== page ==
Gene:So the general trends. I have friends that have lots of rental units and right now some of them having a hard time renting the thee-bedroom units, even the two-bedroom. They get a lot of calls for single bedrooms and studios. Those were the oddballs, now they’re the demand one. Why? Because people are living by themselves. They’d rather pay a lesser rent, live by themselves, and have that control.
Seniors, on the opposite end, right, at this point where are they? They’ve got a house, they own it free and clear. It used to house, two parents and four or five kids, and now it’s just a big empty shell that they’re living in a small section of. So they’re paying all that upkeep, all that taxes, if not the mortgage still. But the point is there’s a lot of expense, a lot of upkeep, and they want to stay there but they reality is, they need to move someplace else.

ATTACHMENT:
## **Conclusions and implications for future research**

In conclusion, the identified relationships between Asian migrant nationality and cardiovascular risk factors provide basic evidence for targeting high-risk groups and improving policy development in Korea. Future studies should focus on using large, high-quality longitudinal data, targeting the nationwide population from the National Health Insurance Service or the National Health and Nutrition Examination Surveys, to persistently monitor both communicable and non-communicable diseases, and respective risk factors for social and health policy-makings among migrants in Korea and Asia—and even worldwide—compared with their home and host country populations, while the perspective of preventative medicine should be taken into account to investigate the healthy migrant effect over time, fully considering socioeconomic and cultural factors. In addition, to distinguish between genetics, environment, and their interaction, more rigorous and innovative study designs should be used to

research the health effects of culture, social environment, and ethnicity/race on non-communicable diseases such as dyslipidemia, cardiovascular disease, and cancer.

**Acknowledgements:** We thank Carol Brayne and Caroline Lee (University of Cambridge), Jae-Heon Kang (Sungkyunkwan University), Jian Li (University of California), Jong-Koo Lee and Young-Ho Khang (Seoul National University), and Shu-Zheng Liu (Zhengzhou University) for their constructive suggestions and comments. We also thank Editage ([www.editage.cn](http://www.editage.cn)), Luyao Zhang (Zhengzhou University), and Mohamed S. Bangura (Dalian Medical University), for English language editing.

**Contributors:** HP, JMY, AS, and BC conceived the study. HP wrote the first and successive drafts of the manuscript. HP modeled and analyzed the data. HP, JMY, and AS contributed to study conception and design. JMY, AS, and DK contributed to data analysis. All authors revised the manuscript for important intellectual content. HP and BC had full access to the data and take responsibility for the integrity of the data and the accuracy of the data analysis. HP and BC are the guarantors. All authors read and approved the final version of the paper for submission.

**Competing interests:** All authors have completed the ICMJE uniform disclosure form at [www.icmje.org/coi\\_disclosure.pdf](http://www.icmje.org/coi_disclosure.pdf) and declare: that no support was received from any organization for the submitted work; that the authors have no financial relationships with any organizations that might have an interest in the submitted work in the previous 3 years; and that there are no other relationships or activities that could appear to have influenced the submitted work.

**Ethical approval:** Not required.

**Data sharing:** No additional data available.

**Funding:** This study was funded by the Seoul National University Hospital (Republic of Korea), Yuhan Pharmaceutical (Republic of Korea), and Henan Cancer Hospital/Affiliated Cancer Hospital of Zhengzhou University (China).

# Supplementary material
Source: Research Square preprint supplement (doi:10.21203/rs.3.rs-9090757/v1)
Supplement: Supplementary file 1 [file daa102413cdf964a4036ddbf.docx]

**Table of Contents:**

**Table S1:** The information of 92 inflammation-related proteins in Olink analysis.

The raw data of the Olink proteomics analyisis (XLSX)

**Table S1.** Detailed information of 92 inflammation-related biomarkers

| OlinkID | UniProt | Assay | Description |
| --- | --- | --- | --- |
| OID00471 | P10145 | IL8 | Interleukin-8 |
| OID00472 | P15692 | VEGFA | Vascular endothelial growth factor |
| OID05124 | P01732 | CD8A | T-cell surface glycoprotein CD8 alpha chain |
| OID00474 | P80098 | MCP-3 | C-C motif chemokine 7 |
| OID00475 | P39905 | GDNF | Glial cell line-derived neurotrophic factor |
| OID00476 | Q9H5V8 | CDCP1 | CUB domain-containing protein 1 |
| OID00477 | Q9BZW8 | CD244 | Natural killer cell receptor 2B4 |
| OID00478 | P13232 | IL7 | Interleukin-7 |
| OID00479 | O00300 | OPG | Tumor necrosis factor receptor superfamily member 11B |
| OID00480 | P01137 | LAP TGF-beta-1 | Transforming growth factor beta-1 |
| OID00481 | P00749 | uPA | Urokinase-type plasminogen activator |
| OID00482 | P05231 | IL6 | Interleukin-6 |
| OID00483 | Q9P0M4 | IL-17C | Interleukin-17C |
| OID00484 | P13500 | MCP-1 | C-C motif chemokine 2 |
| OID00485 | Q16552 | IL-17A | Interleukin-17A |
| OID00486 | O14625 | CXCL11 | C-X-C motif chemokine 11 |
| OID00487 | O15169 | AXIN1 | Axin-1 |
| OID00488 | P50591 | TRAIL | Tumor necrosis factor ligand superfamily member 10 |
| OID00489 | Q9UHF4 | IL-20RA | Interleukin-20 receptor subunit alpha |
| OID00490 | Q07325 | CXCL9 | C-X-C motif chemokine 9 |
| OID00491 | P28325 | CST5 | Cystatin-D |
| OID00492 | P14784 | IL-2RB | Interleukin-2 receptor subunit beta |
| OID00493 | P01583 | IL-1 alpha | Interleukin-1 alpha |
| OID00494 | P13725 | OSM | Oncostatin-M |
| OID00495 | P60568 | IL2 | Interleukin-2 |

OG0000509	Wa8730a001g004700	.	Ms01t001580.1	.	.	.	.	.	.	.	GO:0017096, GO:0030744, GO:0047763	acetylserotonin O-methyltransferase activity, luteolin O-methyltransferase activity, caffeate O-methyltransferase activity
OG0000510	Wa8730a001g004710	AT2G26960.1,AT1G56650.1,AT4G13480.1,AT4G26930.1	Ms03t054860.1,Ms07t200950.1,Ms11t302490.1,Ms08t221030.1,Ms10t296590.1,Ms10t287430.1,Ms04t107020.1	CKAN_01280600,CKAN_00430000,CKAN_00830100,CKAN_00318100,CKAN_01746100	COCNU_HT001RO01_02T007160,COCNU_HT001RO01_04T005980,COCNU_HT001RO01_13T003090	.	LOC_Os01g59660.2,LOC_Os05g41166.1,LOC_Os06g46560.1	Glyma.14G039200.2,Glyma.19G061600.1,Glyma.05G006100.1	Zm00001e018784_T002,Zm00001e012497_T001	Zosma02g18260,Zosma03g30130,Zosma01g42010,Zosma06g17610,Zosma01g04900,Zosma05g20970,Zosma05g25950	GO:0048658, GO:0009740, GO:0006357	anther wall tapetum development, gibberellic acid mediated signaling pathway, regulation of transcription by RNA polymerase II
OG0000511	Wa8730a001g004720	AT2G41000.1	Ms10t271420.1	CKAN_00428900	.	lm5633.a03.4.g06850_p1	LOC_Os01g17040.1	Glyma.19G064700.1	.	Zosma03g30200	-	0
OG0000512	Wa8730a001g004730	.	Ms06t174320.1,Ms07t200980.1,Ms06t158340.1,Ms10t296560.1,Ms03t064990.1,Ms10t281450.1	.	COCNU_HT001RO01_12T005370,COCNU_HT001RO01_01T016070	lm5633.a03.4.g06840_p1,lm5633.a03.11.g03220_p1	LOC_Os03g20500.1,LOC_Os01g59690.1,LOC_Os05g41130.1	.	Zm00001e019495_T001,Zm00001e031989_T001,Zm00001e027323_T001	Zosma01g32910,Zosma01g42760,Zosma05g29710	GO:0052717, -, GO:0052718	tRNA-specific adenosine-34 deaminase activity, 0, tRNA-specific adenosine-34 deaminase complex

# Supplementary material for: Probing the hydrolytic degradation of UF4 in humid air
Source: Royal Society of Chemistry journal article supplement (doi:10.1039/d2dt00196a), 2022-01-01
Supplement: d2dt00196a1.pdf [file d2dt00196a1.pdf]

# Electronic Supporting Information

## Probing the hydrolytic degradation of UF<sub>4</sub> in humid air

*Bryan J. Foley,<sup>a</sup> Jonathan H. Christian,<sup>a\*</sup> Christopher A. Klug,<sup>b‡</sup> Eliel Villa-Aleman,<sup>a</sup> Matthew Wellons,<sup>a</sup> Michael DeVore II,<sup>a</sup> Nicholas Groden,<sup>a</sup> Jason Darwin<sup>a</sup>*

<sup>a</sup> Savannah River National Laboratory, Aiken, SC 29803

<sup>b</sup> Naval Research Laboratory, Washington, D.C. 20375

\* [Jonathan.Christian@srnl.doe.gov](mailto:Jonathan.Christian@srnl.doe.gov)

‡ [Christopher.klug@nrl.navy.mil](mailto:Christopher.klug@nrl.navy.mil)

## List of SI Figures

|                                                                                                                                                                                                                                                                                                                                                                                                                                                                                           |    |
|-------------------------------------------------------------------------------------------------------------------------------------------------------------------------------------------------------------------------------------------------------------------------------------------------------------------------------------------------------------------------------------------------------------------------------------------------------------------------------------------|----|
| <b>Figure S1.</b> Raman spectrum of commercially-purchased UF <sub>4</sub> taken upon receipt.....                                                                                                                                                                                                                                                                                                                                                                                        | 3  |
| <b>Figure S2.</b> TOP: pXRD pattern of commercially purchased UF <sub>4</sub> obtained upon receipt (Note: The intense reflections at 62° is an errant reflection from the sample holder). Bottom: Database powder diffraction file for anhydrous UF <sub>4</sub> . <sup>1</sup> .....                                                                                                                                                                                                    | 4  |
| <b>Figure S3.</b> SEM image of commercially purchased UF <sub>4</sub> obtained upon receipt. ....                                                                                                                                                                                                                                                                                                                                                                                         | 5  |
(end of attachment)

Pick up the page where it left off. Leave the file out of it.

So builders now are building homes that are senior-friendly. Smaller, single level. One bedroom, maybe two, that’s for their sewing room or their storage, right? So smaller single level, one or two bedrooms, one or two bathrooms, less expensive and senior-friendly. Wide doors, smooth floors, grab bars already built in.
So now when it comes to the bigger trend, this silver tsunami that we’re talking about, guys, it ain’t a fad, it ain’t going away, it ain’t pie in the sky, and it ain’t anything else other than world changing, because I mentioned to you World War II when the war ended, people came home and this explosion of population is all over the world. This year already, I’ve spoken in over 30 cities in five different countries on this topic. This is happening all over the world. And here’s the deal, as these people age, they need the same exact things—a senior-friendly place to live and care for them. So this is coming. There’s more diapers for adults being sold in Japan that there are baby diapers right now, and it’s coming here too.